TRR was a technical run, but not like this!  This was just a short scrambling section! :)
I reached the aid station shortly after this and even sat down on the chair to take in some calories. I got up quick though and continued on. Let's have some fun!!! Unfortunately, the fun lasted a half a mile... and at mile 16, I found myself climbing again! Ok, I was SUPER off... For all I knew, the climbing ended at mile 12!!! I was 4 ahead at that point, and had a hill in front of me that I had NO idea how long it'd be.

I literally cried. I was absolutely exhausted... I turned off my iPod, replied to some words of encouragement from my TRR friend Rob with some very cranky words in a very cranky mood... and fell behind. Before I knew it, Marna caught up to me... nicely, she pushed me. Like she ACTUALLY pushed me from the bottom of my hydration pack. It seemed to help, but I knew she was probably as tired as me.. she just happened to be in a less dark place. She eventually moved ahead and I was left behind with my tears.

We reached the top of Chair 4. Which I knew well. I was exhausted, I had cried and I was ready for an all downhill. It took me a little while to regroup (maybe a mile), but from the top (mile 17) to the aid station (mile 21) I was able to run. I stopped at the aid for a couple minutes and had a beverage and some watermelon and continued on... the downhill was fun:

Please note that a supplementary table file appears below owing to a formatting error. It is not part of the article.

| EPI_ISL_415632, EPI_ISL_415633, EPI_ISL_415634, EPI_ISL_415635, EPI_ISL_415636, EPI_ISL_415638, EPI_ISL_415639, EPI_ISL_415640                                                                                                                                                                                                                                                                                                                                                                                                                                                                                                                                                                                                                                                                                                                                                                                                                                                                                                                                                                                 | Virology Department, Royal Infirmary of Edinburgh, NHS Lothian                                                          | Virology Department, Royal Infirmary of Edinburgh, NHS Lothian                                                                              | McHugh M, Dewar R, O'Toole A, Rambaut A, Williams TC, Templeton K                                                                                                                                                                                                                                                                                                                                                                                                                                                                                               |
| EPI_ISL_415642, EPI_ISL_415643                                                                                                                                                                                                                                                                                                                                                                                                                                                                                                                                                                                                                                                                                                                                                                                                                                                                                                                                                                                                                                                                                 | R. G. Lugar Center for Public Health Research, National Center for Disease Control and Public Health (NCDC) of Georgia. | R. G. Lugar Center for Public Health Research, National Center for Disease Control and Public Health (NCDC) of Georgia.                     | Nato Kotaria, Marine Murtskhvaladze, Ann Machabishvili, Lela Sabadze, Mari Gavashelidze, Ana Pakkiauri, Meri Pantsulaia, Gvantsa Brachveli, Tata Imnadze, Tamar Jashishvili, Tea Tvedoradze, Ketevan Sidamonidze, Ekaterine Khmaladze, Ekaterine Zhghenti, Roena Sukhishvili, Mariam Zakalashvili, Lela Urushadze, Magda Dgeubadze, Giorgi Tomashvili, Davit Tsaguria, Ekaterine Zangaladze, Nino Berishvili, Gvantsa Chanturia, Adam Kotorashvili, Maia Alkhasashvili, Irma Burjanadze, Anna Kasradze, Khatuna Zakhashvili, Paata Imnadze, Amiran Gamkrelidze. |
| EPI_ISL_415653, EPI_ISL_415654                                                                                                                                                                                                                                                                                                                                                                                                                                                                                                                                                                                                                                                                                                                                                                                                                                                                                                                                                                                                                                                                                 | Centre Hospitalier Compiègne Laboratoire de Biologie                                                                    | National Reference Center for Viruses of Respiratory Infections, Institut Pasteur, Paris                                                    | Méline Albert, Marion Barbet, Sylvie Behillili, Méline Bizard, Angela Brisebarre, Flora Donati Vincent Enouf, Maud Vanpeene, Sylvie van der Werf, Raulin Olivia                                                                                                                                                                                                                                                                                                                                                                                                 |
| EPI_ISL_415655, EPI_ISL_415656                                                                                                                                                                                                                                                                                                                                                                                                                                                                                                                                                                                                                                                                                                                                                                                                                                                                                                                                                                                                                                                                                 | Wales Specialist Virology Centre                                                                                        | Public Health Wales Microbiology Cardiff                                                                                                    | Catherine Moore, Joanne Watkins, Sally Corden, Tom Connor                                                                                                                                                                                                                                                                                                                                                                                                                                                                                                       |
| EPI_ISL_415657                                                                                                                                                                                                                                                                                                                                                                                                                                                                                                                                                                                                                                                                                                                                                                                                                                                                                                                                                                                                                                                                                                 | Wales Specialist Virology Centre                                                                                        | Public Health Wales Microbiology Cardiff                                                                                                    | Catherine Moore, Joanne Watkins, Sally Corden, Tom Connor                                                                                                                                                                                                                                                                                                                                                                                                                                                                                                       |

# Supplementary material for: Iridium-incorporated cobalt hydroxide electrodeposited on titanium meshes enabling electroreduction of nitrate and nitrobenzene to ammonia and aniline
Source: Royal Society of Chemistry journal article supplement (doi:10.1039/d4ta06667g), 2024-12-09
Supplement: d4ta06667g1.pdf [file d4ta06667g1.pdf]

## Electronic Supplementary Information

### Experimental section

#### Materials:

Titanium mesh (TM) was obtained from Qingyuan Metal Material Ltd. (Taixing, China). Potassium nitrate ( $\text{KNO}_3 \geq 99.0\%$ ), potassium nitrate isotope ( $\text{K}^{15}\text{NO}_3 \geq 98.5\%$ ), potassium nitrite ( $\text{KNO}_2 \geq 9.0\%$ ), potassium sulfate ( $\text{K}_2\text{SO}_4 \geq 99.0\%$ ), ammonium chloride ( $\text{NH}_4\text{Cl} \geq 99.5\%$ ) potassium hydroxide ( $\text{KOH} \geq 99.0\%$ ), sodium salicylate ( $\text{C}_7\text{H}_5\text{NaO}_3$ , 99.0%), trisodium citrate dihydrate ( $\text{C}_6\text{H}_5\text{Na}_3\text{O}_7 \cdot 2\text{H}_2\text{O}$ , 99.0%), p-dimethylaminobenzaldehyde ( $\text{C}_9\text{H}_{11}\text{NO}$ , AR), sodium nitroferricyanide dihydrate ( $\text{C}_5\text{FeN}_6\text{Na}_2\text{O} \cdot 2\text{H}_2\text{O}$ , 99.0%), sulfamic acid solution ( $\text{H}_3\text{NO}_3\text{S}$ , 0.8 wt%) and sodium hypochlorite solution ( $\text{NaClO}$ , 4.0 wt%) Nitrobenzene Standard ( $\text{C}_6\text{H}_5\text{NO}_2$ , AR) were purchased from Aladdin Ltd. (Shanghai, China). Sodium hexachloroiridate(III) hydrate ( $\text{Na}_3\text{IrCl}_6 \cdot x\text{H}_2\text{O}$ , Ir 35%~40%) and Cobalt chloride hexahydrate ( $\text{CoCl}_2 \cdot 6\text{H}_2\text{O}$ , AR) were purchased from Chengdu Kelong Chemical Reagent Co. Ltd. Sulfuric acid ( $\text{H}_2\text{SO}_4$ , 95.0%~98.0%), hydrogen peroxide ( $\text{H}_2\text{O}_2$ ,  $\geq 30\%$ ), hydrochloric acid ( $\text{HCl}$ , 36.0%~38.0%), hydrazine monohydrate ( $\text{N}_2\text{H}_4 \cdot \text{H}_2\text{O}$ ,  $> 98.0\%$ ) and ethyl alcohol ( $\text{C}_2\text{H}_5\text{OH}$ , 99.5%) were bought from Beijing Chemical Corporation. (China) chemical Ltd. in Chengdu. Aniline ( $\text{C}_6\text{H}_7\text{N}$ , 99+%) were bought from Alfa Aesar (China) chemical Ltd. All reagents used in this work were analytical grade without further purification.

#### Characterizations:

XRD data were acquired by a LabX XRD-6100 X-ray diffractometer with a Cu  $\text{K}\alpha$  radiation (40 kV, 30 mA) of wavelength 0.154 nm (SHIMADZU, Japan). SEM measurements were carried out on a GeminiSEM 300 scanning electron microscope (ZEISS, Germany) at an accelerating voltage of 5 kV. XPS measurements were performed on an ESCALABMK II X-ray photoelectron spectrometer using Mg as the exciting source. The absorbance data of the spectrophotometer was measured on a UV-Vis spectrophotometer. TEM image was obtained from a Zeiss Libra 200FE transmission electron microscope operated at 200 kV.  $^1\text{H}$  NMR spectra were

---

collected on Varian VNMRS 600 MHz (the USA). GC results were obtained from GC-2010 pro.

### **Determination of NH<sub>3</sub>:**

I eventually caught up to Marna, who was now struggling. I stayed with her for a couple minutes and told her we were close (I know that mountain a little too well) and I passed her. I finally came close to the village and saw the finish line. It was a huge relief! I crossed the finish line in 5 hours 49 minutes and 49 seconds for 14th place. This was officially my longest day out on the trails and I was stoked it was over.

It was great  to see Marna finish just 4 minutes behind me. She was getting stronger as I was getting weaker! 
The rest of the evening was uneventful... Marna and I walked to camp together and it felt great to be at "home". I was struggling with eating as it seemed as if I had completely lost my appetite, but they had grilled some veggies and I ate some of that. Despite having had a crappy day, I was focusing on the next day's adventure... which was pretty much the end. Visualizing the finish was an emotional experience. It was surreal that this was the last night I was going to sleep in a tent and eat with all these people.

I tried to focus on the fact that despite the last stage being known to be a hard stage, it was still under 20 miles. Unfortunately, when the course briefing began, we learned that the last stage was not 19 miles as published on the guide book, it was more like 22. I was in disbelief and I may have had a tear roll down my cheek. I sat there silently listening, but heartbroken that I still had 22  miles to go. I know, it's not that big a difference, but after 5 long days of running at elevation, 3 miles was a huge difference.

I went to bed slightly bummed out, but tried to focus on the fact that it was almost over. One more day... and then, it'll all be a memory. I wasn't even sure I was emotionally ready for it to be over.

"Dig deep, my friend." Theresa said on her card for Day 5. I don't think I'd ever dug any deeper...

Up Next: TransRockies Run6 - Stage 6